Be 'Neighborly' in a Sustainable Way
by Lynn Fulkerson
It was a morning in early summer when I first noticed them dancing in the top of a dead craggy tree on the edge of our meadow. Further inspection with binoculars revealed a large bird of prey feeding its young. The dancing was a back and forth rocking and swaying as the young tore into palatable pieces of the breakfast provided by the parent.
A few days later, my husband, John, discovered a bird of prey caught up in the bird netting surrounding our blueberry bushes. With scissors and surgical skill, John carefully freed the bird’s talons while I observed, bird book in hand, this merlin falcon. It was, in fact, the same bird that was raising its young in the old tree.
Reading about merlins confirmed our observations. We watched the young ones fledge and begin their lives in our vineyard. A merlin’s diet often consists of other birds. They are extremely fast, which we were witness to on several occasions as they chased down other birds in flight. What better place to raise your young than a vineyard that attracts numerous fruit-eating birds. We net and we hang huge one-eyed balloons to save our fruit. Now the merlins were pitching in. What reciprocity! We provide the home and the surgical care and they protect our grapes and blueberries. It’s what neighbors do. We named the land we care for Merlin Meadows.
The merlins returned each year until the tree finally gave out and collapsed to the ground to be devoured by other neighbors, beetles and worms and other microscopic lives that we will never know.
My next door neighbor, Joyce, calls when she is going into town on errands to see if I need anything. I do the same for her. After hip surgery, she drove me to do errands she couldn’t do for me. I water her plants when she is away. We all understand what it means to be “neighborly,” although in our fast-paced lives we sometimes forget.
If I take the time to look around and think about who does what for me to make my life what it is, it is overwhelming and humbling. I think it was John Muir who said, “When we try to pick out anything by itself, we find it hitched to everything else in the universe.”
My life, in fact, is supported by the entire web of life and is much poorer if something is plucked from it. I am dependent on the health of the soil, water and air. The soil that grows my food is dependent on numerous lives doing their thing. This includes fungi and bacteria, earthworms and ants, and, oh yes, even moles and slugs. Neighbors?! Ha! What have you done for your local mole lately?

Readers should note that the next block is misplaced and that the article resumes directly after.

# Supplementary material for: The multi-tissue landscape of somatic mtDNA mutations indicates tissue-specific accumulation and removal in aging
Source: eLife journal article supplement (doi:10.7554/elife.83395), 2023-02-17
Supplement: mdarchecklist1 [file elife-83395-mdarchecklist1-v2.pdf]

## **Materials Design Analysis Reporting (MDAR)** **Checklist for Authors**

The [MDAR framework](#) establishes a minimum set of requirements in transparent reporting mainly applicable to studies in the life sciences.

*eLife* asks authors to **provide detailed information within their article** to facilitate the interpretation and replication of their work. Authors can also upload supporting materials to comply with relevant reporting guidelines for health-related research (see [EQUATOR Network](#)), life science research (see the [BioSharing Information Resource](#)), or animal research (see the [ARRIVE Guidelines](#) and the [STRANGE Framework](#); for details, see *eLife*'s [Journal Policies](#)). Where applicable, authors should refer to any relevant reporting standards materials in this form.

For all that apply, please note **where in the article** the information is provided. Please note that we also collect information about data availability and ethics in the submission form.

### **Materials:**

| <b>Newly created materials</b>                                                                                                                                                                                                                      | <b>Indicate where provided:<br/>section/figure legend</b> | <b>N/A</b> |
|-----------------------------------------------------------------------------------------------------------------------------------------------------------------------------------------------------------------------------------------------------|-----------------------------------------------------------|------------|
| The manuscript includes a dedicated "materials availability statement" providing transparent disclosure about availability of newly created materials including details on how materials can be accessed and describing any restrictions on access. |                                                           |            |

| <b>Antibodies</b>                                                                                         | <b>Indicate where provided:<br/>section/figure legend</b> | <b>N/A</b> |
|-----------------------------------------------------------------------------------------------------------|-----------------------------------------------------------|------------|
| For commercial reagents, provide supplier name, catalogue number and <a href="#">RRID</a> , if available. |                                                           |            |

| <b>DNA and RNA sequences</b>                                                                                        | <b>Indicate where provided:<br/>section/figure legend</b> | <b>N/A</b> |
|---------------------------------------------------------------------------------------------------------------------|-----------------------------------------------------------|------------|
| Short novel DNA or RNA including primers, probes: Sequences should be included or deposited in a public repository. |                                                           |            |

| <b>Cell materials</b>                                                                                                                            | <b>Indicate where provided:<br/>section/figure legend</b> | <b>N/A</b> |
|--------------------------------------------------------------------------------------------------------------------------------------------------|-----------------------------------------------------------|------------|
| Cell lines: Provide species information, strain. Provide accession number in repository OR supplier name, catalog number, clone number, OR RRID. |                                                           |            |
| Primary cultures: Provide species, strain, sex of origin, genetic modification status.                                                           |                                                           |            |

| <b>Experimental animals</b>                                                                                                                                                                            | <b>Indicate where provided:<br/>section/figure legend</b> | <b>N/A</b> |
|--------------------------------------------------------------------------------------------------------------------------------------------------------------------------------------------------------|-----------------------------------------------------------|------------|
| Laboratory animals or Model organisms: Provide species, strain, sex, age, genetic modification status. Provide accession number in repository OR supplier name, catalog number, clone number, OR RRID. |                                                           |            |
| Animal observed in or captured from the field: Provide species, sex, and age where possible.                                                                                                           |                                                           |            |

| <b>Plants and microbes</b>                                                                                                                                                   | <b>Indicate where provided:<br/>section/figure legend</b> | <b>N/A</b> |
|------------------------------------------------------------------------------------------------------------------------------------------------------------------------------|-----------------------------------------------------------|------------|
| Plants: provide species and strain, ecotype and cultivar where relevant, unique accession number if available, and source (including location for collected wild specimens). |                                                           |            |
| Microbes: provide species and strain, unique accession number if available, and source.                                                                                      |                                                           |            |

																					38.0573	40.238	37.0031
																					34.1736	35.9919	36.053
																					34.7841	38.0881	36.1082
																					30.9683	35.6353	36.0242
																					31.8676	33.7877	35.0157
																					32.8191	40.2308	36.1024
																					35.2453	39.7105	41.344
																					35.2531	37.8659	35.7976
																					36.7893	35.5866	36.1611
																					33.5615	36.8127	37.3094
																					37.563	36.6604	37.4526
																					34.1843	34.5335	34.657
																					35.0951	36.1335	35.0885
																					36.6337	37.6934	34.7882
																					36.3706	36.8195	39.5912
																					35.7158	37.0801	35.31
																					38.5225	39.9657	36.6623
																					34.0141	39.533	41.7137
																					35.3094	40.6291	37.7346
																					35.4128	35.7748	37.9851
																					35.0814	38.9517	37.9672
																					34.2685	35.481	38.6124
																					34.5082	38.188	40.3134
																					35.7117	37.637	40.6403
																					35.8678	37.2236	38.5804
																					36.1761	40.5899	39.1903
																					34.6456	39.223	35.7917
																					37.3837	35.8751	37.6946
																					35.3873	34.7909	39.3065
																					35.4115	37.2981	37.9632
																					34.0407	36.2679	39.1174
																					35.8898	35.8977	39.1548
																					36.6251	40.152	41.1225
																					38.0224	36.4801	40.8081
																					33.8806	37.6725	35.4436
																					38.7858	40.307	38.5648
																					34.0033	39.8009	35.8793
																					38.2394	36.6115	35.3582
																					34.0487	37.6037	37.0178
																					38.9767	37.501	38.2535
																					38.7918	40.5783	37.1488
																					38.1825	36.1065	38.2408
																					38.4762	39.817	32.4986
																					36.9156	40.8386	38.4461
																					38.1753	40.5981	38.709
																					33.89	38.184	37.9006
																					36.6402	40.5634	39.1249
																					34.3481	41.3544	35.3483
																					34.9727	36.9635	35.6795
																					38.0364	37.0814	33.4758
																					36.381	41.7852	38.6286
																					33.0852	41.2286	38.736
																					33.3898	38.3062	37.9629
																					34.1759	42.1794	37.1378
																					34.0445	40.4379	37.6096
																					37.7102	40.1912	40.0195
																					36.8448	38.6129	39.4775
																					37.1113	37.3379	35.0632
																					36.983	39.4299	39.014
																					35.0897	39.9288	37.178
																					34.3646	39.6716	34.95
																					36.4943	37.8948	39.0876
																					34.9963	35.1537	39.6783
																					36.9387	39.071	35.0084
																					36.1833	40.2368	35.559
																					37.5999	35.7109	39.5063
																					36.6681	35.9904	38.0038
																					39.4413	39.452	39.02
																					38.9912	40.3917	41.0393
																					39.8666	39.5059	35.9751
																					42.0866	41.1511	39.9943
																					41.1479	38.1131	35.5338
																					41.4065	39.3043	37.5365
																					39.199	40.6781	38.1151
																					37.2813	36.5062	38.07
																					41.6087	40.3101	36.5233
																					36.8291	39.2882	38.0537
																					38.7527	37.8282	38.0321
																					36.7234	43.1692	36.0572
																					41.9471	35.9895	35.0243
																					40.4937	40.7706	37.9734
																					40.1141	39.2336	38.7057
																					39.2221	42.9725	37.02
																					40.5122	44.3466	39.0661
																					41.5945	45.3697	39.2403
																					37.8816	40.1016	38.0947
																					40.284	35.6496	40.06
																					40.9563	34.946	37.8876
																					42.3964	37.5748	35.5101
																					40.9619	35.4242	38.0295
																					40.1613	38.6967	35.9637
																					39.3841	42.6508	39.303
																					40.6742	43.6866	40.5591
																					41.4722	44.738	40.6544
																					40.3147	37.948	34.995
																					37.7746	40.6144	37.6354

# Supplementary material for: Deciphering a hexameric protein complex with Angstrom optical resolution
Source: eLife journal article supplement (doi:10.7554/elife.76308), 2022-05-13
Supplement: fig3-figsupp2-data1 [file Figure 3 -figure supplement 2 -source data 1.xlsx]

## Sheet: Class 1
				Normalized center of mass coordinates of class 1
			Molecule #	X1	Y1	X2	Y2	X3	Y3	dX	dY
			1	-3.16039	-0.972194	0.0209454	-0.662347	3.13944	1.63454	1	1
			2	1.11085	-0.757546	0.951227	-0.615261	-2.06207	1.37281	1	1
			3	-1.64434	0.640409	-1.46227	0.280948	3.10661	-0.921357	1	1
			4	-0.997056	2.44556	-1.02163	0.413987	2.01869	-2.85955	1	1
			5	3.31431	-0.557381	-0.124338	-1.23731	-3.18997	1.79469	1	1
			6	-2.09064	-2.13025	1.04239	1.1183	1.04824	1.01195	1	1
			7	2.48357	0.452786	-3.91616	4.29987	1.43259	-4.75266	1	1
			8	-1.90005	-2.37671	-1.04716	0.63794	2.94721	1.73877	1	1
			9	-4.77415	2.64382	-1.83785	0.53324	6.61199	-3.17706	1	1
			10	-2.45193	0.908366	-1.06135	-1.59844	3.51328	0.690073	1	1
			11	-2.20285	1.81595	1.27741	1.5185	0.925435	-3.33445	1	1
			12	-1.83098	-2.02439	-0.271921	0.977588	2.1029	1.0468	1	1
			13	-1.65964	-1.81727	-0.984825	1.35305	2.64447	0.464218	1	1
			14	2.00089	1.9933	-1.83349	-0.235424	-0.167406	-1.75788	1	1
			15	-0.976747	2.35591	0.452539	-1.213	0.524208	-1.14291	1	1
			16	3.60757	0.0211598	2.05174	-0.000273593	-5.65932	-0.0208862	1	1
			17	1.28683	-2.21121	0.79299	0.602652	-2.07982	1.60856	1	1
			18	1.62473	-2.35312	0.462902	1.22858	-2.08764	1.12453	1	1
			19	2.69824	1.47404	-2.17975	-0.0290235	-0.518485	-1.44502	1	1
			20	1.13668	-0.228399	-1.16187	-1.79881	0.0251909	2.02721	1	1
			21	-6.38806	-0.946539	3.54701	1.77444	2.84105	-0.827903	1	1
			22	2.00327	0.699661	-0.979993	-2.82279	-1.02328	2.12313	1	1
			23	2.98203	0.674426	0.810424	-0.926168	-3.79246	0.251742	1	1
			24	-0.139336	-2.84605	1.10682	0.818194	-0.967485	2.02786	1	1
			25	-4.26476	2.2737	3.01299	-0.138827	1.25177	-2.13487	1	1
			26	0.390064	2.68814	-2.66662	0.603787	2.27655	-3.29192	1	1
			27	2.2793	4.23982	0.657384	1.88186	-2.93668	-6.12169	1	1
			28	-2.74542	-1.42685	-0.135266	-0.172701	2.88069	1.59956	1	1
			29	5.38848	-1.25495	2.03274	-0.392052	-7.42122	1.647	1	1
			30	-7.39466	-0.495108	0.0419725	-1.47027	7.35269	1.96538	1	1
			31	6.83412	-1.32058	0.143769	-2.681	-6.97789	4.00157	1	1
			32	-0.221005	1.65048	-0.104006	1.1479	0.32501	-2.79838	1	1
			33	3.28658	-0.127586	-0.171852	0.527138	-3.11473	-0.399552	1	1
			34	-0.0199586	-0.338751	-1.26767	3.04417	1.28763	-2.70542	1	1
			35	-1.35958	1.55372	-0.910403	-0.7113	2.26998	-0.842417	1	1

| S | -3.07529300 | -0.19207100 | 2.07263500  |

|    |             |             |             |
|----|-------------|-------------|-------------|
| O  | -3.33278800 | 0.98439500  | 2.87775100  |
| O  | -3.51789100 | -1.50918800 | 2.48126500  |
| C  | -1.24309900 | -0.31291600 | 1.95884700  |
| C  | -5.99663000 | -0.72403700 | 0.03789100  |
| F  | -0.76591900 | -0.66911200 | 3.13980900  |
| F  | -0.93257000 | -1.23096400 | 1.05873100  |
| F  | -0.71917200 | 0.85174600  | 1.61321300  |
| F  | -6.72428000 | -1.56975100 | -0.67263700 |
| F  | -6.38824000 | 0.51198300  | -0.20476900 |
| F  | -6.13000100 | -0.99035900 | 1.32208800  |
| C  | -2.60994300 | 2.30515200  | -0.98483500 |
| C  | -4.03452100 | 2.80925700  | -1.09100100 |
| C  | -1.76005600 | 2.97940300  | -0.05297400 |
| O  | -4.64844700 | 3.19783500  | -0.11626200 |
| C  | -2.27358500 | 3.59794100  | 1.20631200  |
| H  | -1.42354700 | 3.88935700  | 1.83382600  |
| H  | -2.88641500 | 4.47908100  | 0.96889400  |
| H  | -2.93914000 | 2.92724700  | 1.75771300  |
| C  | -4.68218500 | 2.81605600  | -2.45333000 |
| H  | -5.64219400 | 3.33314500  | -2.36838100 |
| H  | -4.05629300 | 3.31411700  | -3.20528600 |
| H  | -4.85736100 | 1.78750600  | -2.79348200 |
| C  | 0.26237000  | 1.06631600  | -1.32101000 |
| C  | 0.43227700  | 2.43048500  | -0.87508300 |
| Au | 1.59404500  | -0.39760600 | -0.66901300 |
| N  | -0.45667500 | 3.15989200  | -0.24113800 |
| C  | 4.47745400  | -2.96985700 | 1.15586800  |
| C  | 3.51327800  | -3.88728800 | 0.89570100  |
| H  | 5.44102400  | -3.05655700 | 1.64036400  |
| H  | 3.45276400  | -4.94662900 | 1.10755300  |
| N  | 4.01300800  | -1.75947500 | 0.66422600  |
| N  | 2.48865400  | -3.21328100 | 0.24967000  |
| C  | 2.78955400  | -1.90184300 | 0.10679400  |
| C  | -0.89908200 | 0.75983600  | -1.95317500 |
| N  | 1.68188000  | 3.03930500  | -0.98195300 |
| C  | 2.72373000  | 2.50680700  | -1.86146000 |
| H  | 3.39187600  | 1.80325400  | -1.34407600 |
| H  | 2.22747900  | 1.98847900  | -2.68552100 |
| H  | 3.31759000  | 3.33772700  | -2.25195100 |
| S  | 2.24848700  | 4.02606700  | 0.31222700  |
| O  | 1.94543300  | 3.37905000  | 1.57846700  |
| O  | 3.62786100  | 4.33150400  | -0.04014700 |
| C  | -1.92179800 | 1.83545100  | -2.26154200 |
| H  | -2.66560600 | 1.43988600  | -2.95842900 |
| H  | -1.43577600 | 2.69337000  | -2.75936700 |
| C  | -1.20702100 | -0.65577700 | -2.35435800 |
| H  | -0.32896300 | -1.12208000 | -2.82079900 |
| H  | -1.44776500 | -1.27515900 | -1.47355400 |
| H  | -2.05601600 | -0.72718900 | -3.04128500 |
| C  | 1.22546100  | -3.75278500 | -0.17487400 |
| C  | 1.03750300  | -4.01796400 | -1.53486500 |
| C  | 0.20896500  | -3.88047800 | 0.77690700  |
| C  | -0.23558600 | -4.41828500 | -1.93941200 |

I watch the swallows and the bluebirds eating mosquitoes and others as they swoop over the meadows. They use our bird boxes to raise their young. Thank you, neighbors.
The fox and the coyote feast on the mice, rabbits and snakes in the fields. A few years ago a two-legged neighbor boasted that he had shot and killed eight coyotes. Please, neighbor, don’t pluck them out unless you are going to eat them, and then only with gratitude for their lives. That year I struggled raising and harvesting vegetables before the rabbits destroyed my garden. We have never before been witness to such a population explosion of cute little bunnies. URRG! Yes, they are our neighbors, too, but to remain healthy they need the coyote and the fox, who, by the way, have repopulated the meadows.
Other neighbors we never see, but they, too, support our lives: those who raise our food in other places and climates, those who often risk their lives to put fish on our plates, those who for meager wages make and build the things that we use daily and without which we cannot imagine our lives. Often they handle pesticides and chemicals with no protection, have unsafe and unhealthy working conditions, and have none of the benefits that most of us enjoy. Their factories pollute the air and water where they raise their children. My husband and I biked for two weeks in rural and urban China. We witnessed children not knowing what a blue sky with fluffy white clouds looks like. Life is grey. They are breathing in the pollution from the industries we have transported to make the stuff we buy. The children along the roads welcomed us cheerfully. I asked myself how can I be a better neighbor to them?
There are no easy answers. The starting place for me is thinking about where all that I depend on and enjoy comes from. Who is connected to my daily life? Can I make better choices?
Can I purchase Fair Traded products and organic food? Can I invest in companies that are deemed to be socially responsible? Can I reduce my consumption and use less of the earth’s precious resources? Can I conserve energy and switch to generation of electricity that is less polluting? Can I support my neighbors who are farmers, weavers, furniture makers, musicians, bakers, bee keepers and who improve the quality of my life? Can I just not throw stuff away because I know that nothing really goes away? Can I reuse and recycle more? Can I remember to call Joyce and offer to pick something up for her in town?
I’ll give it a try.
Lynn Fulkerson is a member of the Litchfield Energy Task Force (www.litchfieldctenergytaskforce.org). Recently she has been in conversation with neighbors about the Transition Towns Initiative. Visit www.transitionnetwork.org